Ah, language. It’s often so important how issues are framed and the words used to promote agendas and positions. One of the basic anti-alcohol tactics is in the very idea of taxes on alcohol, and other so-called “vices.” The very notion of them is that they’re acceptable precisely because they’re “sin taxes.” That doing those things, despite being legal for adults, is a “sin.” You’d think in the 21st century such out-dated, parochial ideas would no longer exist. Apparently you’d be wrong.
Today, Alcohol Justice tweeted the news that “Big Alcohol lobbyists kill state tax increases by re-framing issue from sin to hospitality.” The tweet links to a Pew Charities blog post entitled Liquor Lobby Fights Off Tax Increases On Alcohol.
In the Stateline article, reporter Elaine S. Povich frames the story that alcohol’s a sin, saying. “Another ‘sin’ tax — on alcohol — has largely escaped change in recent years thanks to a strong liquor lobby which reframed the liquor tariff conversation from ‘sin’ to ‘hospitality.'” One might think that author Elaine S. Povich, who in addition to years as a reporter is also “an adjunct professor of journalism at Maryland,” would know better than to refer to drinking as a “sin,” but I guess old habits die hard, and such is the nature of successful propaganda that many people continue to believe that drinking is a sin.
A “sin,” in case you missed that day in Sunday school, or might not be terribly religious, is defined as the “act of violating God’s will.” That’s from Wikipedia, which makes it clear that it’s a religious construct, although not every religion sees sin the same way, and a few don’t even recognize it. Plenty of other sources make the connection to religion obvious. Merriam-Webster defines as “an offense against religious or moral law,” while Dictionary.com defines it as a “transgression of divine law.” But regardless of your own faith, in the United States, the right to free worship is one of our most cherished tenets. It’s right in the First Amendment, arguably the most important one, where it states “Congress shall make no law respecting an establishment of religion, or prohibiting the free exercise thereof.”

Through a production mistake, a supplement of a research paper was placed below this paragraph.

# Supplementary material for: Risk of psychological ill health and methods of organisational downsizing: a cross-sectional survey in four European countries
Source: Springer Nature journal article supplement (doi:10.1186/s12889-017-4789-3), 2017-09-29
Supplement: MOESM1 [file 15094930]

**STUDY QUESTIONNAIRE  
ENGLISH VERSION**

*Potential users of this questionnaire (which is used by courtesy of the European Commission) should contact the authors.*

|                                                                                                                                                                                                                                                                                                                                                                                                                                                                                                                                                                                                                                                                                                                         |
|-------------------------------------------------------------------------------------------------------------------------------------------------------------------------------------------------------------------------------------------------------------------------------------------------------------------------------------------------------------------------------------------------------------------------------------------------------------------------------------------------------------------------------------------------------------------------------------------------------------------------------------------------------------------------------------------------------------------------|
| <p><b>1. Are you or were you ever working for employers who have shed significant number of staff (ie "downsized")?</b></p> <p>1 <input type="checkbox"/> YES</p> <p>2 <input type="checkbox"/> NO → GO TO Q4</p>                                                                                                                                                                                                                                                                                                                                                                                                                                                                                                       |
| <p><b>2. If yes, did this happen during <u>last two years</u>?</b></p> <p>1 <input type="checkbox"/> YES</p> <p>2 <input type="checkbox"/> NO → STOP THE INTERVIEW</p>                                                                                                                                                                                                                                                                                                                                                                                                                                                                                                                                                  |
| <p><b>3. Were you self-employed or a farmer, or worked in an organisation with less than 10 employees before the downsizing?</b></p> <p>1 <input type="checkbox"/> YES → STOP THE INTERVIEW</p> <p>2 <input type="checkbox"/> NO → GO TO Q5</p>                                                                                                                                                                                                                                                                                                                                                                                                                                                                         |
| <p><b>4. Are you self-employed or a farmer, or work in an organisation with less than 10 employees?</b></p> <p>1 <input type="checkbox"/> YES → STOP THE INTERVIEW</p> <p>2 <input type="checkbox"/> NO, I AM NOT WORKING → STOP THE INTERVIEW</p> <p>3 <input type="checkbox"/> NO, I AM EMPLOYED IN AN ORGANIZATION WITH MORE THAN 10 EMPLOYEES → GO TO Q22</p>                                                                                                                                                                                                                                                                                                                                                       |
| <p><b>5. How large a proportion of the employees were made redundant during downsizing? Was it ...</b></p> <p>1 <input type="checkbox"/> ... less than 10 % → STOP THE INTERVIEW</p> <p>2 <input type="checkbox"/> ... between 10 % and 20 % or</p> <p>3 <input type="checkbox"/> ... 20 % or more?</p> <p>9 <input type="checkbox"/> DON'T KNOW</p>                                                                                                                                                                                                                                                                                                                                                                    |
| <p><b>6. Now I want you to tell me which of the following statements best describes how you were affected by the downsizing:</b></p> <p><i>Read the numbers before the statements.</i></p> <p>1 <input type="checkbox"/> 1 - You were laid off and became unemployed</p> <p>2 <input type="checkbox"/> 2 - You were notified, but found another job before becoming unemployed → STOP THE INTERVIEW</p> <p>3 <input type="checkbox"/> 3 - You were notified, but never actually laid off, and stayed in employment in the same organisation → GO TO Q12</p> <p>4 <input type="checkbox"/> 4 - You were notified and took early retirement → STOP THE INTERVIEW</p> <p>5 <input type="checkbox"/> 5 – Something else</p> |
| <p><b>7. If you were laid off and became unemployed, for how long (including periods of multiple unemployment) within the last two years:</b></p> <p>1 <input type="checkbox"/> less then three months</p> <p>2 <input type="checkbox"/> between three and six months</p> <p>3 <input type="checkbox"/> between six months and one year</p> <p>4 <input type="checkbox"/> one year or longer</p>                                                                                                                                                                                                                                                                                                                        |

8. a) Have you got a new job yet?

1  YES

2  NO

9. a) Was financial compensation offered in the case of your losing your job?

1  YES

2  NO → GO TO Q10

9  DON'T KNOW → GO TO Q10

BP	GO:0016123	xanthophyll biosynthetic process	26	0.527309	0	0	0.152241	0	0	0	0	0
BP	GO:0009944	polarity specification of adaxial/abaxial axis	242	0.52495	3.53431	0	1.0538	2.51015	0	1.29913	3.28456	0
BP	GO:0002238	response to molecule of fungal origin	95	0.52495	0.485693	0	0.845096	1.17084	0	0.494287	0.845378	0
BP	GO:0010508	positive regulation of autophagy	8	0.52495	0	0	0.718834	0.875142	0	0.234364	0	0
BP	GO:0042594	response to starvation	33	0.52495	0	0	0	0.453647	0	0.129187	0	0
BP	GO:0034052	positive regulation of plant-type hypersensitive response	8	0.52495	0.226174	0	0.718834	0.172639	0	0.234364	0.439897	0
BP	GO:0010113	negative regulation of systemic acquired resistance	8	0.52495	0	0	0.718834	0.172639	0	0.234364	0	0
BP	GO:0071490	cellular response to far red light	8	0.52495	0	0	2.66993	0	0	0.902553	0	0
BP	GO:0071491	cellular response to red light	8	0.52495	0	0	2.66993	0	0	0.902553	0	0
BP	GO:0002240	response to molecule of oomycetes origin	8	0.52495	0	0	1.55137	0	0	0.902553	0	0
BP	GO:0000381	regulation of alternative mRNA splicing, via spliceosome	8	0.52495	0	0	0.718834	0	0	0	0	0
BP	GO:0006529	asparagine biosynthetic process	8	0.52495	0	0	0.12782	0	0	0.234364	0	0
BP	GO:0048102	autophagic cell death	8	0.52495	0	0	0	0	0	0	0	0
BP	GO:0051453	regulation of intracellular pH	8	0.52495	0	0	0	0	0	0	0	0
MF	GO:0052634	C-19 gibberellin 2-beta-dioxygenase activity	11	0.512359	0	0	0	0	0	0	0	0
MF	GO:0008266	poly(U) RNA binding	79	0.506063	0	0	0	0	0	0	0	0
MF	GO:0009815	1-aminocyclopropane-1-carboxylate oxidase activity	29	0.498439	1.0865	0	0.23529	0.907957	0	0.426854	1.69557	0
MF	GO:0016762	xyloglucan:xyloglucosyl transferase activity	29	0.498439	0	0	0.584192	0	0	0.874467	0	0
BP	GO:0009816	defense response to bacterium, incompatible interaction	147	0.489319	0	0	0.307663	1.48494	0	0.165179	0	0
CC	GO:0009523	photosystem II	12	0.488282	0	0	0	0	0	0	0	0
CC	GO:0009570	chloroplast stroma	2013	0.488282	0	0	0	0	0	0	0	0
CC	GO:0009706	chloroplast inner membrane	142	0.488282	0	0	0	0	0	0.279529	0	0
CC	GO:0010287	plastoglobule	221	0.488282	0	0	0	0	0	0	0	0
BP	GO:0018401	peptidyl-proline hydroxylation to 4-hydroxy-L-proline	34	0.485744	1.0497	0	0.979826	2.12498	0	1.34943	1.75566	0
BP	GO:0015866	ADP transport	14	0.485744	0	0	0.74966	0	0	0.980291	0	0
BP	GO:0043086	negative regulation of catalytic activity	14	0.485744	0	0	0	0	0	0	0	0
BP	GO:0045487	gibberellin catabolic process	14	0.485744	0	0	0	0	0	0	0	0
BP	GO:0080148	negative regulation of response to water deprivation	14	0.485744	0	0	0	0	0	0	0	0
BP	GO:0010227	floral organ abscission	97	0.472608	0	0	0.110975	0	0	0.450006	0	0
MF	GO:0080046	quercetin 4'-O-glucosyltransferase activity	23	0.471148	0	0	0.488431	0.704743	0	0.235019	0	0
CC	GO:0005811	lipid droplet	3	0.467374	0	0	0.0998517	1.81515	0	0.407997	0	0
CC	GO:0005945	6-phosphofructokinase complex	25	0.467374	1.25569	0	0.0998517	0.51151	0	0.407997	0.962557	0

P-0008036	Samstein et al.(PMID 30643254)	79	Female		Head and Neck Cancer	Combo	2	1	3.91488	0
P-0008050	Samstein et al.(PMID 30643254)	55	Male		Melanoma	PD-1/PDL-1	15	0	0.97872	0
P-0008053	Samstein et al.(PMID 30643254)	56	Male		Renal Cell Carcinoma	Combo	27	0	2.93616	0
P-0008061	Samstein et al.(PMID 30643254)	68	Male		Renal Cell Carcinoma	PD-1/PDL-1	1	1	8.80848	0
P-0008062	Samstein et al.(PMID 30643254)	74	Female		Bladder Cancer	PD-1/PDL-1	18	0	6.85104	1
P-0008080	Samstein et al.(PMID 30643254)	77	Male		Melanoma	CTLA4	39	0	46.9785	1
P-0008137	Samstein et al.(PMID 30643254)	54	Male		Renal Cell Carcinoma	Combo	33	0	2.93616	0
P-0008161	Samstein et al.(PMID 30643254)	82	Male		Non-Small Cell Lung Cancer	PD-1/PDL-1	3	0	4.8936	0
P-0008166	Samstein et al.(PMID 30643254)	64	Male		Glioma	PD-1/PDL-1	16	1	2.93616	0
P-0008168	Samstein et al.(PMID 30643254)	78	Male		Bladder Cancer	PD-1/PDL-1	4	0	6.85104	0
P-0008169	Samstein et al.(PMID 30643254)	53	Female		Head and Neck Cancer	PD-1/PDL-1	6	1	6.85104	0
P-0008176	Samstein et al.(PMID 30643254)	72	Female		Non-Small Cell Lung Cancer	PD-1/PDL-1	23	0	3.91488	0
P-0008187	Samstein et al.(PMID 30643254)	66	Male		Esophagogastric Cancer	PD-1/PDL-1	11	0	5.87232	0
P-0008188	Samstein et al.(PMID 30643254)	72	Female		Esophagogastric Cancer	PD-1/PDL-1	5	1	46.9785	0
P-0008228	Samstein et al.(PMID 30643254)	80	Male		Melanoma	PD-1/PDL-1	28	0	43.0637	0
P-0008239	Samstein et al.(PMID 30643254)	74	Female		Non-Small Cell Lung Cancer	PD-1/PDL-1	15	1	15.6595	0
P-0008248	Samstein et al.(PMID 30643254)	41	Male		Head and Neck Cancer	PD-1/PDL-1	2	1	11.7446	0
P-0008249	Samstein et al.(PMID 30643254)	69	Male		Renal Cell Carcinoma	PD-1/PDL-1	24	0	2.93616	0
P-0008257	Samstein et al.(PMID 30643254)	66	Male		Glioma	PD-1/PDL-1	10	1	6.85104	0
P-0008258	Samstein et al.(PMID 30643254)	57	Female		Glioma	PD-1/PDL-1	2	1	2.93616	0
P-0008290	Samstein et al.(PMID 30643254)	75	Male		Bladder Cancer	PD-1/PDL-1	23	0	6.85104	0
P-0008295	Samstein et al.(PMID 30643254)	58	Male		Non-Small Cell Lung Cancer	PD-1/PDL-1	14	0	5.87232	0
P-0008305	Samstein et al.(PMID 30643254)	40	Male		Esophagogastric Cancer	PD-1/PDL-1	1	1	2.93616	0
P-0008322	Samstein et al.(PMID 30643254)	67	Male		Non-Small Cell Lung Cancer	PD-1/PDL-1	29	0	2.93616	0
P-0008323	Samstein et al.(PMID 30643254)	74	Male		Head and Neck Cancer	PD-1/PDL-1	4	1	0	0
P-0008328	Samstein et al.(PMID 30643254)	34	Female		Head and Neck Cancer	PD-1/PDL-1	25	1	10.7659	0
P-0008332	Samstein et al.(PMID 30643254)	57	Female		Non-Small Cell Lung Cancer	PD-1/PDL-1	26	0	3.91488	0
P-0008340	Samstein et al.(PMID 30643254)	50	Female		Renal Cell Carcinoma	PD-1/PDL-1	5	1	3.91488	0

But even beyond that, our government recognizes the ‘Separation of church and state,’ “a phrase used by Thomas Jefferson and others expressing an understanding of the intent and function of the Establishment Clause and Free Exercise Clause of the First Amendment to the Constitution of the United States. The phrase, and its underlying meaning, has since been repeatedly confirmed by the Supreme Court of the United States.” Essentially, it means we live in a secular, non-denominational society in which one religion should not dictate its views to the rest of us. My own faith is irrelevant here, what’s important is that as long as not everyone thinks drinking is a “sin,” and as long as it is permitted by law, then it cannot be considered a sin. Not in our society, at least. If you believe it’s a sin, feel free to abstain. But you can’t tax it for that same belief, especially when I don’t share that belief, nor do many millions of other people. The fact that she even can write that seems remarkable in this day and age.
I’m far less surprised to see Alcohol Justice gleefully refer to alcohol taxes as “sin taxes,” that fits with their anachronistic platform. For them, it is still Salem in 1693, and they’re on a witch hunt to eradicate the “sin” of drinking alcohol. That it’s not, and can’t be, a sin doesn’t even enter into the conversation.